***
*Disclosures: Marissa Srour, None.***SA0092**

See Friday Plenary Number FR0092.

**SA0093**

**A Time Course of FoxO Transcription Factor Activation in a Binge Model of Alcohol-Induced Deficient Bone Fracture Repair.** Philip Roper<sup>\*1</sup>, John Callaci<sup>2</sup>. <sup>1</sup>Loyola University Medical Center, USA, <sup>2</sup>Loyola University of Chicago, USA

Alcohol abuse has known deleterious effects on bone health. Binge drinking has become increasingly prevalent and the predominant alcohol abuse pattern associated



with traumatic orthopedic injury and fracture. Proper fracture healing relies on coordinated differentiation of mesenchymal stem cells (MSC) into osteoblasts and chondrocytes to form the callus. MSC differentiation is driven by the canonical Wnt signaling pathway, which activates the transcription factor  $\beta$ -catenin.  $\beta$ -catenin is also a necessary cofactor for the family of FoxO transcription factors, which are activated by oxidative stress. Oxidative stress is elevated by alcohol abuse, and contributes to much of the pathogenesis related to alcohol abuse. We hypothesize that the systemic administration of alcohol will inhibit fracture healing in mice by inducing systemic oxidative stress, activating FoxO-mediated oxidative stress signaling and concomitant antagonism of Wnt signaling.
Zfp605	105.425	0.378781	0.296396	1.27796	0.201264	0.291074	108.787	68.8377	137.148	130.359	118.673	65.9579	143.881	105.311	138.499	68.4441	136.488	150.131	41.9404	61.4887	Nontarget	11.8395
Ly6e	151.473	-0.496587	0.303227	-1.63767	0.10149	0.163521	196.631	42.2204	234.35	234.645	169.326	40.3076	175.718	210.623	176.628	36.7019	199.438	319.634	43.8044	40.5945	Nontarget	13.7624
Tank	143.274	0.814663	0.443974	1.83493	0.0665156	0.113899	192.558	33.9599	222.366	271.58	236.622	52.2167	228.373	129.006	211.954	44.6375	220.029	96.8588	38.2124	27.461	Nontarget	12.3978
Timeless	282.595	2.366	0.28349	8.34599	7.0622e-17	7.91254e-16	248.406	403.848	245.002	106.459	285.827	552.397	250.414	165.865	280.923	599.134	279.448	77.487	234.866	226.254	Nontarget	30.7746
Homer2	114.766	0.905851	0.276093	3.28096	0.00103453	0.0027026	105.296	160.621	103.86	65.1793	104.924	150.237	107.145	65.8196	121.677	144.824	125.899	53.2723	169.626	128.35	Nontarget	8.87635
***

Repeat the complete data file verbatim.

*Disclosures: Marissa Srour, None.***SA0092**

See Friday Plenary Number FR0092.

**SA0093**

**A Time Course of FoxO Transcription Factor Activation in a Binge Model of Alcohol-Induced Deficient Bone Fracture Repair.** Philip Roper<sup>\*1</sup>, John Callaci<sup>2</sup>. <sup>1</sup>Loyola University Medical Center, USA, <sup>2</sup>Loyola University of Chicago, USA

Alcohol abuse has known deleterious effects on bone health. Binge drinking has become increasingly prevalent and the predominant alcohol abuse pattern associated



with traumatic orthopedic injury and fracture. Proper fracture healing relies on coordinated differentiation of mesenchymal stem cells (MSC) into osteoblasts and chondrocytes to form the callus. MSC differentiation is driven by the canonical Wnt signaling pathway, which activates the transcription factor  $\beta$ -catenin.  $\beta$ -catenin is also a necessary cofactor for the family of FoxO transcription factors, which are activated by oxidative stress. Oxidative stress is elevated by alcohol abuse, and contributes to much of the pathogenesis related to alcohol abuse. We hypothesize that the systemic administration of alcohol will inhibit fracture healing in mice by inducing systemic oxidative stress, activating FoxO-mediated oxidative stress signaling and concomitant antagonism of Wnt signaling.
Zfp605	105.425	0.378781	0.296396	1.27796	0.201264	0.291074	108.787	68.8377	137.148	130.359	118.673	65.9579	143.881	105.311	138.499	68.4441	136.488	150.131	41.9404	61.4887	Nontarget	11.8395
Ly6e	151.473	-0.496587	0.303227	-1.63767	0.10149	0.163521	196.631	42.2204	234.35	234.645	169.326	40.3076	175.718	210.623	176.628	36.7019	199.438	319.634	43.8044	40.5945	Nontarget	13.7624
Tank	143.274	0.814663	0.443974	1.83493	0.0665156	0.113899	192.558	33.9599	222.366	271.58	236.622	52.2167	228.373	129.006	211.954	44.6375	220.029	96.8588	38.2124	27.461	Nontarget	12.3978
Timeless	282.595	2.366	0.28349	8.34599	7.0622e-17	7.91254e-16	248.406	403.848	245.002	106.459	285.827	552.397	250.414	165.865	280.923	599.134	279.448	77.487	234.866	226.254	Nontarget	30.7746
Homer2	114.766	0.905851	0.276093	3.28096	0.00103453	0.0027026	105.296	160.621	103.86	65.1793	104.924	150.237	107.145	65.8196	121.677	144.824	125.899	53.2723	169.626	128.35	Nontarget	8.87635